Betty Shelby (Tulsa County Jail)

After allegedly criminally shooting Terence Crutcher (because despite two separate videos showing her shooting an unarmed man walking away from her with his hands in the air, we still must legally preface any accusation with “allegedly”), Tulsa, Okla., Police Officer Betty Jo “Bad Dude” Shelby has been reprimanded by a District Court judge for her continuing efforts to try her case through the media.

In a five-page formal rebuke, Judge Doug Drummond reminded Shelby that, “It is obvious this case has drawn significant media interest nationwide since the beginning.” The judge warned that Shelby’s willingness to tell her side of the story to the press could taint her upcoming trial, writing, “The court is, at a minimum, hopeful that all parties ... recognize that pretrial publicity potentially hampers prospects for a fair and impartial trial for both sides.”

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After a local TV station’s helicopter footage of the shooting of Crutcher went viral, Shelby, whose name resembles that of a third-shift Waffle House waitress, was charged with manslaughter. She is expected to stand trial later this year.

News outlets across the country reported on Shelby’s April 2 appearance on CBS’ 60 Minutes, although every one of them failed to highlight the real story: how Shelby—in two simple sentences—summed up the widespread mentality of police who know they can kill the citizens they are sworn to protect with little or no repercussions:

If I wait to find out if he had a gun or not, I could very well be dead.

There’s something that we always say: “I’d rather be tried by 12 than carried by six.”

In the interview, Deputy Becky didn’t hesitate to paint herself as the real victim and her critics as the criminals, explaining, “My situation was no different than—I don’t know whether I should say this—than a lynch mob coming after me.” She went on to say that the only person responsible for the shooting was Crutcher himself, arguing that if Crutcher “would have communicated with me, if he would’ve just done as I asked him to do, we would not be here.”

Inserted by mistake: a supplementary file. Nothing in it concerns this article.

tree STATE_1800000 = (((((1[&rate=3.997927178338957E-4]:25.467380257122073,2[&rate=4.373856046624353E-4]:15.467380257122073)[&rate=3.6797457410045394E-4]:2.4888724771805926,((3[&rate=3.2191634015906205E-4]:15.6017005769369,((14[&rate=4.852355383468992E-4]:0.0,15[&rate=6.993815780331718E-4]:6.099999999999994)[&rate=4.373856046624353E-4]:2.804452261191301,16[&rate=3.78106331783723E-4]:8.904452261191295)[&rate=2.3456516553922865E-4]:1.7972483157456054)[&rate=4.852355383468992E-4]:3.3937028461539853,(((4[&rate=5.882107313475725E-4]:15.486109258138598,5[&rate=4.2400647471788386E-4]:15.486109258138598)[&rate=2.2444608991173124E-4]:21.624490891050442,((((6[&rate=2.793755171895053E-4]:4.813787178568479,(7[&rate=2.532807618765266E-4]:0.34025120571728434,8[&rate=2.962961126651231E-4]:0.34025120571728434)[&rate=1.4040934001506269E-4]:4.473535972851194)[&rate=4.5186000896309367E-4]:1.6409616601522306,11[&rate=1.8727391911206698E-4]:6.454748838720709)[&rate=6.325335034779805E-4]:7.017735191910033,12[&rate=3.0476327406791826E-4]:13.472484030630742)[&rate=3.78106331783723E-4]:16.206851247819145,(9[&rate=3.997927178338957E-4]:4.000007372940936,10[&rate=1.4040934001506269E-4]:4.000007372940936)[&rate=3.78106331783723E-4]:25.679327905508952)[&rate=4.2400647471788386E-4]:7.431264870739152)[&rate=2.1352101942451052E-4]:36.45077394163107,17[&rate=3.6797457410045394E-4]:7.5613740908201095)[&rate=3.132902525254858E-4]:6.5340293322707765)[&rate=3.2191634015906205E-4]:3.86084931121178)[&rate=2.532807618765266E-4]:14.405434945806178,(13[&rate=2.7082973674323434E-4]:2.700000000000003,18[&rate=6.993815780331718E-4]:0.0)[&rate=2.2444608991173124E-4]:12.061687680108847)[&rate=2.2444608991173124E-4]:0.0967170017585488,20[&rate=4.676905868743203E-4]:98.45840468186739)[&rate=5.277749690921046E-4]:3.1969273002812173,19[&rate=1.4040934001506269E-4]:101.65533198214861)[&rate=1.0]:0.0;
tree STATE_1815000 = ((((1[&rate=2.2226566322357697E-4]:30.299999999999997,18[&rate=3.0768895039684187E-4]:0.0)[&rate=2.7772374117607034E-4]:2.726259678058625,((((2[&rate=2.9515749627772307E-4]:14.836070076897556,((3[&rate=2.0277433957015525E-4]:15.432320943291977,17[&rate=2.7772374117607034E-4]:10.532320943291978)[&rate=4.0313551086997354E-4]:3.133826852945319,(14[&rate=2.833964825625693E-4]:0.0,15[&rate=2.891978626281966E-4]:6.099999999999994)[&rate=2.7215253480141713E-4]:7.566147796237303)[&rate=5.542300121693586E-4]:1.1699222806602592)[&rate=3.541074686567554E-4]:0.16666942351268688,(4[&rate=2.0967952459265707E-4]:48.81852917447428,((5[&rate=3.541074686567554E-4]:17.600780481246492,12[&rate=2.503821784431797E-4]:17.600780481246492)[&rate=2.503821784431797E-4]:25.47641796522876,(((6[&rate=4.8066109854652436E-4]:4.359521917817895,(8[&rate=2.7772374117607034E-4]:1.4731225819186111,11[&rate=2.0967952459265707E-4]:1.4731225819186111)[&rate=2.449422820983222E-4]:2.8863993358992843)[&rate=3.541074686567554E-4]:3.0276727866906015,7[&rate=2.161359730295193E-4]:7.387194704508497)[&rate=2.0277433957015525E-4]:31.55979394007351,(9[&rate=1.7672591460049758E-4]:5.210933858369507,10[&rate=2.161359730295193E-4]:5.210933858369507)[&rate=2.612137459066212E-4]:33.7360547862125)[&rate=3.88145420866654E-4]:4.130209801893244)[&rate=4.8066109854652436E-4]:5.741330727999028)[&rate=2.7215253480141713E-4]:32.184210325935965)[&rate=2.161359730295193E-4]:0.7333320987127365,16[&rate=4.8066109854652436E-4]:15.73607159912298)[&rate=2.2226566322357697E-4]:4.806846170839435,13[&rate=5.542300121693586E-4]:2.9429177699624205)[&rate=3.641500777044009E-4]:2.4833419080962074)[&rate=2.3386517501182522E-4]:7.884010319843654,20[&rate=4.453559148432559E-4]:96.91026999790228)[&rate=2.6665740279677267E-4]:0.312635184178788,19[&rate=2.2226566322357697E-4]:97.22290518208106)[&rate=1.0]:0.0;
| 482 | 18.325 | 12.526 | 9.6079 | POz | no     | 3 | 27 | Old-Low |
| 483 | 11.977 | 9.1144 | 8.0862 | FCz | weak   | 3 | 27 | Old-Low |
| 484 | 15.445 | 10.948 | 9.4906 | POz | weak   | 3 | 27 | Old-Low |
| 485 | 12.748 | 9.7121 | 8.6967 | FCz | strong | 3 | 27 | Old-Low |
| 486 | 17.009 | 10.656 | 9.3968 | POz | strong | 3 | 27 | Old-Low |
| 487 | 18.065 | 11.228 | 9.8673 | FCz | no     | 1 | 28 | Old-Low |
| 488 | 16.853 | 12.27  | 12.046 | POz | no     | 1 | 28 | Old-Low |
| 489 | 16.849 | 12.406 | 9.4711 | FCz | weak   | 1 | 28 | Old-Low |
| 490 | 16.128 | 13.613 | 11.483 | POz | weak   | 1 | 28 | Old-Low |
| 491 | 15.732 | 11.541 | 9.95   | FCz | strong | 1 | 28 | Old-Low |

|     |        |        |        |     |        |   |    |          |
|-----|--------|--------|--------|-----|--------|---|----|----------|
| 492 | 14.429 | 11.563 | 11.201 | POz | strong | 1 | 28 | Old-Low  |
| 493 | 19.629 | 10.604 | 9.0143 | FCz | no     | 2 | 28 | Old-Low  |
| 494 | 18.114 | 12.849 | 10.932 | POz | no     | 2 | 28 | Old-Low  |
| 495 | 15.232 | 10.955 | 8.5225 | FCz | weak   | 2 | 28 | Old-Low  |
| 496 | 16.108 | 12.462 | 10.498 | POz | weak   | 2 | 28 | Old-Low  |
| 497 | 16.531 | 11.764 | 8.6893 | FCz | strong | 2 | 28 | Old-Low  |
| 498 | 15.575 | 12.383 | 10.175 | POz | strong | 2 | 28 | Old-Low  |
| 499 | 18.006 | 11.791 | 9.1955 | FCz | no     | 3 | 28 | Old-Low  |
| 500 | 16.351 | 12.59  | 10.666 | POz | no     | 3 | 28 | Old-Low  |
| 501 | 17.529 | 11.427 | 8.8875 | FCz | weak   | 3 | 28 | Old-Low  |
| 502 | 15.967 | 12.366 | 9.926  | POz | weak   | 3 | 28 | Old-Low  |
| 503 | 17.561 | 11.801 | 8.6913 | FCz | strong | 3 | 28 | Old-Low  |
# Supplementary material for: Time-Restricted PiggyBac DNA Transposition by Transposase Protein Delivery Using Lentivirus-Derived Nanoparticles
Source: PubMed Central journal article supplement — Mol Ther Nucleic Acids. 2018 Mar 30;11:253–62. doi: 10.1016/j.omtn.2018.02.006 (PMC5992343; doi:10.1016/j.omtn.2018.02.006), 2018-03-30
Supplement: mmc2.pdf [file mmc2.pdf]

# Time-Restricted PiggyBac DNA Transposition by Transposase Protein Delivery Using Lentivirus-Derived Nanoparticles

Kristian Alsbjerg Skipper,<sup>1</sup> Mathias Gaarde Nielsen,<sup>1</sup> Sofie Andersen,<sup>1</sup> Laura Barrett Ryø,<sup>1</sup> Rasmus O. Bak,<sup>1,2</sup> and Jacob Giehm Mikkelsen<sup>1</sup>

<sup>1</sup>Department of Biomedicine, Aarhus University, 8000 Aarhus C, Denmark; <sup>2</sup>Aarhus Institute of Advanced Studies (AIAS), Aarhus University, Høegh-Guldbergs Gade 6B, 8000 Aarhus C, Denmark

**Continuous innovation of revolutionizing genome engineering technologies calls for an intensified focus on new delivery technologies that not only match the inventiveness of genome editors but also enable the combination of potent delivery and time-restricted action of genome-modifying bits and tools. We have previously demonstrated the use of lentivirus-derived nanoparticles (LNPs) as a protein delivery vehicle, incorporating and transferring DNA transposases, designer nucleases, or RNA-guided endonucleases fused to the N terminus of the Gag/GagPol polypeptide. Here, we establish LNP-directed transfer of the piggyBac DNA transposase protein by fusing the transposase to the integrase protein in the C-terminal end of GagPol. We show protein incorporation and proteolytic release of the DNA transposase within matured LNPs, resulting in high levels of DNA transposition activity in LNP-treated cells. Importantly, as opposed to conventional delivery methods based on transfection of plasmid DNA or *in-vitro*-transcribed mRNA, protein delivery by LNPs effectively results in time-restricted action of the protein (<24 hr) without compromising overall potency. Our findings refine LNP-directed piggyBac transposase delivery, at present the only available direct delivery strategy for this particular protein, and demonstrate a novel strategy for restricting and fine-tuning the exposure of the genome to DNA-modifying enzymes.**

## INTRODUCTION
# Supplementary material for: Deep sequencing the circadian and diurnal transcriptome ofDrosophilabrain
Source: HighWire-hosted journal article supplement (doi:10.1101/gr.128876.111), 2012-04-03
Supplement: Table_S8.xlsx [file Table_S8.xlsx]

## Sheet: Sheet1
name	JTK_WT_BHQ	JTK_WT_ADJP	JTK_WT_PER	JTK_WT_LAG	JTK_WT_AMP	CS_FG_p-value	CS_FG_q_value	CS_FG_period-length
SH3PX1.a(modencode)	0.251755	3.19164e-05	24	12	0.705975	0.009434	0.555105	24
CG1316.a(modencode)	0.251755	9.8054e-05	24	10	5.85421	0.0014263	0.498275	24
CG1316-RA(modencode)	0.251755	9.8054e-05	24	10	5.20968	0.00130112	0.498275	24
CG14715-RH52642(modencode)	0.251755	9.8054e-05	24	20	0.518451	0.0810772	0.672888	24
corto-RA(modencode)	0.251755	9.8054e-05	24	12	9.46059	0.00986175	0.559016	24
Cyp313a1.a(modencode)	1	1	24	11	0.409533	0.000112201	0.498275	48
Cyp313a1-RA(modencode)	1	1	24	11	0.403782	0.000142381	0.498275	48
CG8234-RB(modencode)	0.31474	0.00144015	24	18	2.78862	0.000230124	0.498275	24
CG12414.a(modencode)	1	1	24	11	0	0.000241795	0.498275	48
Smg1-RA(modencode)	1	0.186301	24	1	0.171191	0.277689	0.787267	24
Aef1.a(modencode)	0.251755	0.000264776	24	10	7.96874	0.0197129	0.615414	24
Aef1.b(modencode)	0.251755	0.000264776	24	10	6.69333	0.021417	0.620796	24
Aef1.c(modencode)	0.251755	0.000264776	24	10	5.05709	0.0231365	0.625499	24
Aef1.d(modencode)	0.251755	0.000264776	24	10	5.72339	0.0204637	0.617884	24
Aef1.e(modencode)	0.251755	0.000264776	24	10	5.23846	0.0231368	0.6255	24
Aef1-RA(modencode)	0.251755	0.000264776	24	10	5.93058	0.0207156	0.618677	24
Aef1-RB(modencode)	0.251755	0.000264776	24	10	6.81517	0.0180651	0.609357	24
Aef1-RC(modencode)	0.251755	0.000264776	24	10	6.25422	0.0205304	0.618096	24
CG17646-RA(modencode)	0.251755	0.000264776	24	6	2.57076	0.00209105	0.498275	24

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The CBS segment was not Shelby’s first attempt to tell her side of the story. In December her attorneys appeared on a radio show, calling Crutcher a “certified gang member” who carried guns regularly. Another one of her attorneys told the Associated Press that Shelby’s defense intended to float the theory that she was temporarily deaf and could not hear the backup officers approaching.

Shelby’s repeated attempts to taint the jury pool and throw her trial is indicative of how rare it is for officers to be convicted in police-shooting deaths (in 2015, a grand total of zero cops were convicted for fatally shooting a citizen while on duty). While she is free to make her pleas to the public, aside from Drummond’s sternly worded letter, there is nothing stopping Shelby from turning the memory of her victim into a stereotyped caricature of the big, black fearsome thug.

When asked for comment, Terence Crutcher was still dead.